The Bay region exceeded its overall Chesapeake nutrient and sediment reduction goals for 2012–13, according to recently released figures. But the data also show that the region will need to accelerate agricultural and stormwater controls if it is to meet pollution reduction targets set for 2017.
Data submitted to the EPA from the states show that from 2009 through 2013, they have slashed the amount of nitrogen reaching the Bay by 17 million pounds — 4 million pounds more than they had committed to. Phosphorus reductions were also ahead of schedule.
- Karl Blankenship
- May 10, 2014
- 0 Comments
Surveys conducted late last year suggest that zebra mussels continued to expand their foothold in the lower Susquehanna River, highlighting the need for boaters to be careful not to spread the invaders.
The bivalves were spotted at a marina above Conowingo Dam in 2008, and have since slowly expanded their range.
They turned up below the dam in 2010, and in recent years small numbers have been found attached to buoys near Havre de Grace at the river’s mouth. In 2011, one turned up in the nearby Sassafras River.
- Karl Blankenship
- May 09, 2014
- Wildlife + Habitat
- 0 Comments
The Virginia General Assembly passed legislation that assures the implementation of stormwater regulations that are key to Virginia’s plans to meet the Chesapeake Bay cleanup goals.
At the beginning of the legislative session, 15 bills were submitted relating to stormwater, many seeking ways to delay or weaken the stormwater management rules passed in previous years and due to take effect on July 1. The rules will regulate discharges of stormwater from construction activities both during and post construction.
Environmental leaders came to Annapolis this year with one overarching goal: Hold the line on the controversial stormwater fee passed two years ago.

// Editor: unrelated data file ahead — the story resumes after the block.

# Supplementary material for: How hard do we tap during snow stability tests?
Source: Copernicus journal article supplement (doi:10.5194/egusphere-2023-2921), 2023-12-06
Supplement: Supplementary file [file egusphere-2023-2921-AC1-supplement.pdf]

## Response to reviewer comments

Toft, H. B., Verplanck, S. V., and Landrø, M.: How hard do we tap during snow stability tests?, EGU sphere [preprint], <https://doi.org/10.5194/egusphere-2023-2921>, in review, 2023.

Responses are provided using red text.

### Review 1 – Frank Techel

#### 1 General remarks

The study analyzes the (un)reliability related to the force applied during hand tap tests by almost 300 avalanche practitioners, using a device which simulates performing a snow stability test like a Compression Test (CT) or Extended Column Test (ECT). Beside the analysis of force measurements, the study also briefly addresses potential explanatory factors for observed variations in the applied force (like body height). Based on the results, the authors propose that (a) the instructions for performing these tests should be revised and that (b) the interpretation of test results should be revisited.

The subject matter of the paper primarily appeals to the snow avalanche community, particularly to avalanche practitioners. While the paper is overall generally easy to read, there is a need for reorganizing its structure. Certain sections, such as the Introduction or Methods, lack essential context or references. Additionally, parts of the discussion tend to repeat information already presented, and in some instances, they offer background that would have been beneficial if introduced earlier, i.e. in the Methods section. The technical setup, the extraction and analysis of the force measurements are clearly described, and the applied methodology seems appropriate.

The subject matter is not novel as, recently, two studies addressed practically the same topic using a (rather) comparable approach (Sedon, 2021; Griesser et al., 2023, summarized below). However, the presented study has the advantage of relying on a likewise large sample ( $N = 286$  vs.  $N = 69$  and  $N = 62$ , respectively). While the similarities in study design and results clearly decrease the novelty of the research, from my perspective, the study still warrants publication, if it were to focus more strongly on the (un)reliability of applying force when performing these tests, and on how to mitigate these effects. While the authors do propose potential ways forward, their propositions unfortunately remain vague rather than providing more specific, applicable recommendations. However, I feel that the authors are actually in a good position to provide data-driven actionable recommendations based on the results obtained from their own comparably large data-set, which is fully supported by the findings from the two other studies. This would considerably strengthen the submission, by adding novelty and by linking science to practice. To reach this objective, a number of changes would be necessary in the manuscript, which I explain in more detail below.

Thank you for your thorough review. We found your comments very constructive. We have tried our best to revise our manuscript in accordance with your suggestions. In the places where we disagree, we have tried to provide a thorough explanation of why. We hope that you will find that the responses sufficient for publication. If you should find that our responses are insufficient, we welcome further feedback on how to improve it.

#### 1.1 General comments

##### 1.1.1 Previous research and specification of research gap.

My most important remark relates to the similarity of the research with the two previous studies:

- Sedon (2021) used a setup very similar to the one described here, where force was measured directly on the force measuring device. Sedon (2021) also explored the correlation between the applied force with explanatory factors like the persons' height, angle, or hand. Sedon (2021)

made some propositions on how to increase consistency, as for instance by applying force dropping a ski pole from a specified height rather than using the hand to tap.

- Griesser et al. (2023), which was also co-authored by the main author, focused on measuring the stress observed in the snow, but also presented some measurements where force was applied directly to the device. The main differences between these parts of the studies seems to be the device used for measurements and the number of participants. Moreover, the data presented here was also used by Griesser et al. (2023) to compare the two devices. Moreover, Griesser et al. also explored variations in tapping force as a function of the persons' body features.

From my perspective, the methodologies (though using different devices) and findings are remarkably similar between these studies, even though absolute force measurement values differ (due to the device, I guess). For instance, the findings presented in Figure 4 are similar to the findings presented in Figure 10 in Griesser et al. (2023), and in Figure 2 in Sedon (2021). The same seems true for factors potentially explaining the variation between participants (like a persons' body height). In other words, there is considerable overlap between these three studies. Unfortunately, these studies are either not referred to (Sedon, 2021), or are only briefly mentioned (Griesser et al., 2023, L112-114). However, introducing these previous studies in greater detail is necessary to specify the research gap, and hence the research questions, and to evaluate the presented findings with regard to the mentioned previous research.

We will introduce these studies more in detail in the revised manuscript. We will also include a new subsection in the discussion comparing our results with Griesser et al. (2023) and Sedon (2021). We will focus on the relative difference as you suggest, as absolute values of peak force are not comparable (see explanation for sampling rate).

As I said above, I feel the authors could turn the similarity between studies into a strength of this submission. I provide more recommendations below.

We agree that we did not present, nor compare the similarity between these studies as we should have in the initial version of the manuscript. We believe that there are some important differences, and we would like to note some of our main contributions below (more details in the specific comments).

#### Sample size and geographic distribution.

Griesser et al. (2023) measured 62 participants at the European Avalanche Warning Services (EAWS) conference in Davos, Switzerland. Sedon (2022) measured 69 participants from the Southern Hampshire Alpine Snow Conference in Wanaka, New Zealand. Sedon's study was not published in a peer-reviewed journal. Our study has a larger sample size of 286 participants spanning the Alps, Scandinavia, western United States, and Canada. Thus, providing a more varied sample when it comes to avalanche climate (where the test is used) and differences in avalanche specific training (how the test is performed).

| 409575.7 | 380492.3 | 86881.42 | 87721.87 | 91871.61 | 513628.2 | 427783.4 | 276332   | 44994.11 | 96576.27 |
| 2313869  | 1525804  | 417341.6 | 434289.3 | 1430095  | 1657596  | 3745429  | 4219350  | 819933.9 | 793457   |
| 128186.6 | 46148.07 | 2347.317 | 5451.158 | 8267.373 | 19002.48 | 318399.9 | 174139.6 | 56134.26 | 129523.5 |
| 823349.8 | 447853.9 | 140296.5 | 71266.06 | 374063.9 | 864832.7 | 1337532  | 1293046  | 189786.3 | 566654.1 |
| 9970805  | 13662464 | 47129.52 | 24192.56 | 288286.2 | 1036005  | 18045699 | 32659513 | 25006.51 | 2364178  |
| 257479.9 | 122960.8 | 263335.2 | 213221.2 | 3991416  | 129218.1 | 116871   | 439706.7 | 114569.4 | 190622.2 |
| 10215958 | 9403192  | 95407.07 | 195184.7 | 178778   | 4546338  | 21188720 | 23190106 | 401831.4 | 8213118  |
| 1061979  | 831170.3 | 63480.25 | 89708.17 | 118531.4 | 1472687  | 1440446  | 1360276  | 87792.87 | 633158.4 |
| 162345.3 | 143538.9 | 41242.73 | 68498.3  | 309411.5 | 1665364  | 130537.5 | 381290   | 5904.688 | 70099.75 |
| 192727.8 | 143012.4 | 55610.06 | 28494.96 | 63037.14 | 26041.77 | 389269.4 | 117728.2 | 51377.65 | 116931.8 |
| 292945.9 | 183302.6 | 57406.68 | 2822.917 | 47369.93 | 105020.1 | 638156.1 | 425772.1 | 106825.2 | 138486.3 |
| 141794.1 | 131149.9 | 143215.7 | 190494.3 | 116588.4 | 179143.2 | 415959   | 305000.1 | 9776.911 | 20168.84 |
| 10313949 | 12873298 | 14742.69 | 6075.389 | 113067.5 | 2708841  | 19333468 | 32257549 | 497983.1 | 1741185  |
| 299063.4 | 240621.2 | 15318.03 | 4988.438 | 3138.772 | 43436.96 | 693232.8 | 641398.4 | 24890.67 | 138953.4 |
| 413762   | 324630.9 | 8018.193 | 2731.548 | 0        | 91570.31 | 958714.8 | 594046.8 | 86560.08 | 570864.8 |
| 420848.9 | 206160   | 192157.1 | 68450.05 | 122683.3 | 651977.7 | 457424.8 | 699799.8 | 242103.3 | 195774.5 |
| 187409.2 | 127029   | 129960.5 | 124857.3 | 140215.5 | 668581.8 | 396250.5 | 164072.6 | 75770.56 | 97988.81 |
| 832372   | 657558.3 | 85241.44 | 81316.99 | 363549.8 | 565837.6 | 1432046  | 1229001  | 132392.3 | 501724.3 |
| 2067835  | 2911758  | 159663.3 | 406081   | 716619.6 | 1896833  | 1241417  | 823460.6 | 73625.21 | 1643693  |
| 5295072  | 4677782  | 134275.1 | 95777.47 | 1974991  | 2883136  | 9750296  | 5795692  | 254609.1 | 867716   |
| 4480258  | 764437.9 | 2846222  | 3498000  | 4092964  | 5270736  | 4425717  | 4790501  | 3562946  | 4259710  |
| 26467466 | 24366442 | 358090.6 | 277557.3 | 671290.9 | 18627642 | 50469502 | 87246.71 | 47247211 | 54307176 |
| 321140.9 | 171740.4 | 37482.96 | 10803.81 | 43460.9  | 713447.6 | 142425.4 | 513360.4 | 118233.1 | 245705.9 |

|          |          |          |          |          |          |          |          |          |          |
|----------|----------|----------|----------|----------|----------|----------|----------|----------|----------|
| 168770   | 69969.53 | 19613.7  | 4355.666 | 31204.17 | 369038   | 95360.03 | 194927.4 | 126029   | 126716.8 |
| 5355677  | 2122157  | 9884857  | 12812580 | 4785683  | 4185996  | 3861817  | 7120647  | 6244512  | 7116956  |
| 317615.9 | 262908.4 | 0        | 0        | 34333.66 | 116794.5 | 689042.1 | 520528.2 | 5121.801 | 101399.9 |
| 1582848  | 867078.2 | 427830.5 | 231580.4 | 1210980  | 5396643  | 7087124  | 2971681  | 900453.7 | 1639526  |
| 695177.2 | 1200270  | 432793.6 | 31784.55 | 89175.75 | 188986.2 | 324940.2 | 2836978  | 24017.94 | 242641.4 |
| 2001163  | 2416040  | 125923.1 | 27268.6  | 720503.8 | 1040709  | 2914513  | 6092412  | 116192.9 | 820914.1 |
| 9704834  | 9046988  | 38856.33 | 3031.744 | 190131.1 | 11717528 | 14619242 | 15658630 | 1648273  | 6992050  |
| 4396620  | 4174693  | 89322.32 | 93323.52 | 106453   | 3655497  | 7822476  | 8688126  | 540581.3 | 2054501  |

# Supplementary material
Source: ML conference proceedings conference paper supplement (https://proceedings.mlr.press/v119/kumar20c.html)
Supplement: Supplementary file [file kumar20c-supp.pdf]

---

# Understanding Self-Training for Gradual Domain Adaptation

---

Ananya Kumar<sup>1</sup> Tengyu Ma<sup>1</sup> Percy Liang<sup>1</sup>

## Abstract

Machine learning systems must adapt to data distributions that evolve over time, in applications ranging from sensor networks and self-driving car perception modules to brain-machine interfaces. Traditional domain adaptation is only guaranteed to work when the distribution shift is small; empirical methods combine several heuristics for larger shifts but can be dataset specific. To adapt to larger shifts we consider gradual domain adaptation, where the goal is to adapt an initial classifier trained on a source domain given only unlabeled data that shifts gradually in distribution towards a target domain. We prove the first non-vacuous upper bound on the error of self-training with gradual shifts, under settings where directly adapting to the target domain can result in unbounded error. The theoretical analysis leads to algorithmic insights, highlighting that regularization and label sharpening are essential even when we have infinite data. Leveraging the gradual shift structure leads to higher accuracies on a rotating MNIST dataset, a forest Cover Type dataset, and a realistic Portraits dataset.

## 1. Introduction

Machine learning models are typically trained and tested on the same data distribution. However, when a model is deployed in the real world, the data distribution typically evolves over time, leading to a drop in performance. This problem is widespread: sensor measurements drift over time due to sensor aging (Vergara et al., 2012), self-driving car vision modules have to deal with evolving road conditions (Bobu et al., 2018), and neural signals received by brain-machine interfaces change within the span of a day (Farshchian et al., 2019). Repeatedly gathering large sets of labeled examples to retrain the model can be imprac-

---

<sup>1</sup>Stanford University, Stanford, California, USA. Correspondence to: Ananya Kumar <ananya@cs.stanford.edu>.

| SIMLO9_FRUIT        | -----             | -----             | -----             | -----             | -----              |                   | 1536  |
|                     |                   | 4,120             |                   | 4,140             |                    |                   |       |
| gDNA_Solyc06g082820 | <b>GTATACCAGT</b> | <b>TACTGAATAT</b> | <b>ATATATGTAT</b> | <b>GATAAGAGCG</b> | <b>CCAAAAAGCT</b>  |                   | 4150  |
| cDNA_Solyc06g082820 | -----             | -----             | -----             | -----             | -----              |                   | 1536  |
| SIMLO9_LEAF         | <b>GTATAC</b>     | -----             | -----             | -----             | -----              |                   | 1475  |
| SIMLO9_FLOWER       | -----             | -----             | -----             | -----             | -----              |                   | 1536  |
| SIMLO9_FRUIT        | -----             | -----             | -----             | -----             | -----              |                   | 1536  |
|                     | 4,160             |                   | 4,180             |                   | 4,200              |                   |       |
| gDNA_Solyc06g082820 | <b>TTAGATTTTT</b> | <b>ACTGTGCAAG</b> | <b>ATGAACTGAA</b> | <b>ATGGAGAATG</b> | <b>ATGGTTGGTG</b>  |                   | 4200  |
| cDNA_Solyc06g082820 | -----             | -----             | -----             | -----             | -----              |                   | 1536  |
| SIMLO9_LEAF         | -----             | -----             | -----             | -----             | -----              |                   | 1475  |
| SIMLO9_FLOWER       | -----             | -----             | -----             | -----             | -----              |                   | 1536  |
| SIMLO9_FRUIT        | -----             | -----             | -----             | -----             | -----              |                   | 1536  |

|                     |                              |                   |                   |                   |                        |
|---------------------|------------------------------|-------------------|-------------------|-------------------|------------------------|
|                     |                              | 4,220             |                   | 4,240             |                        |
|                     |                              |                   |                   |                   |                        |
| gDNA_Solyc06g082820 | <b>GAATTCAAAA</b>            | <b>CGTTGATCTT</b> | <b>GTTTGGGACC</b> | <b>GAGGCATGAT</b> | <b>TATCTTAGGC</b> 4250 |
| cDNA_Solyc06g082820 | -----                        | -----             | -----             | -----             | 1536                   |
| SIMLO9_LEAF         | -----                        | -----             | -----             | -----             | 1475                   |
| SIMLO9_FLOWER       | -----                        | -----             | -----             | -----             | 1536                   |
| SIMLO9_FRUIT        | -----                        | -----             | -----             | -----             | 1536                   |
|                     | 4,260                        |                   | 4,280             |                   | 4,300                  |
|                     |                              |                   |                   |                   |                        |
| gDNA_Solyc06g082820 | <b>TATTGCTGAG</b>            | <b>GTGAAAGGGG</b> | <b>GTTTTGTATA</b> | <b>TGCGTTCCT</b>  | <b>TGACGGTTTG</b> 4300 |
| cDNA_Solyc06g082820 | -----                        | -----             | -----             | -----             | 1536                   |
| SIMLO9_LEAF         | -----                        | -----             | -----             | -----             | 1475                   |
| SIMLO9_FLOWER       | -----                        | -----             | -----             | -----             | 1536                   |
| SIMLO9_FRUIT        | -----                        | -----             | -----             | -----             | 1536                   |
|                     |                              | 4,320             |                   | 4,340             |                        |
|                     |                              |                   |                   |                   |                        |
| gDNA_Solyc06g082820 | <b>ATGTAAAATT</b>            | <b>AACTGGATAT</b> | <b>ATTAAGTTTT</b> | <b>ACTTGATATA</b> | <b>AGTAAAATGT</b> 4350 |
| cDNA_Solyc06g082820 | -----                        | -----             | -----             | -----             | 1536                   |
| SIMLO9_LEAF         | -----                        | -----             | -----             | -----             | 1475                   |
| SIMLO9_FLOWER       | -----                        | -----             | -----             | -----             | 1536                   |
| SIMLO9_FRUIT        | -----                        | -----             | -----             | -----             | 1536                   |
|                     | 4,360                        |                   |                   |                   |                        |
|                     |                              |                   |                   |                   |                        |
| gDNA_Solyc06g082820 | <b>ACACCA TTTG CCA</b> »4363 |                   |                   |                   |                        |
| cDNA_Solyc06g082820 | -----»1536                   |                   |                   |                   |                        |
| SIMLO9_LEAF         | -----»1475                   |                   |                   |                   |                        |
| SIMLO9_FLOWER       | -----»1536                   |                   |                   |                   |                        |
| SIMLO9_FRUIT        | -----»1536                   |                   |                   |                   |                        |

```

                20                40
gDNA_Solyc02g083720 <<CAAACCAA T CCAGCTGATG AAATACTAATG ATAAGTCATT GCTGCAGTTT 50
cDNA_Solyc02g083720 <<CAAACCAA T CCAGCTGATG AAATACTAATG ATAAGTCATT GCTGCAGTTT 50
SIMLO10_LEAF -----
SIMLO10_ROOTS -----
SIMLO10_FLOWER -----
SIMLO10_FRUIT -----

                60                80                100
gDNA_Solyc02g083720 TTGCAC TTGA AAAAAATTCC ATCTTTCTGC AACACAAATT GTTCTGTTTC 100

They largely succeeded, battling 20 bills that sought to gut the landmark law requiring the state’s 10 largest jurisdictions to set up an authority that collects funds from property owners to pay for stormwater improvements.
Some lawmakers sought to delay the law’s implementation. Others wanted to exempt certain counties, and others tried to slip language into the budget that said counties and cities didn’t have to comply with the stormwater fee.
No one’s using the “E word” yet, but the virtual eradication of the Chesapeake Bay’s invasive nutria population — once considered improbable — should come by summer’s end.
The great marshes of Dorchester County, home to Blackwater National Wildlife Refuge, are considered cleared of the rat-tailed South American beaver.
Cleared too, are the infested rivers of the Delmarva Peninsula — Choptank, Nanticoke and Pocomoke. Nutria, once estimated at 50,000 or more and reported from the Chesapeake and Delaware Canal to Accomack County in Virginia, are down to a few hundred remaining animals.
- Tom Horton
- April 27, 2014
- 3 Comments
After three years of sharp declines, acreage of ecologically important underwater grasses bounced back last year, increasing 24 percent in the Chesapeake Bay and its tidal tributaries over the amount observed in 2012.
Still, beds of submerged aquatic vegetation, or SAV, remain far below their average of the last three decades, and scientists are concerned that most of the comeback consists of widgeon grass, a species notorious for large year-to-year fluctuations.
“The widgeon grass story is great,” said Lee Karrh, a biologist with the Maryland Department of Natural Resources who chairs the Bay Program’s Submerged Aquatic Vegetation Workgroup. “That is good news. It will be interesting to see whether it persists.”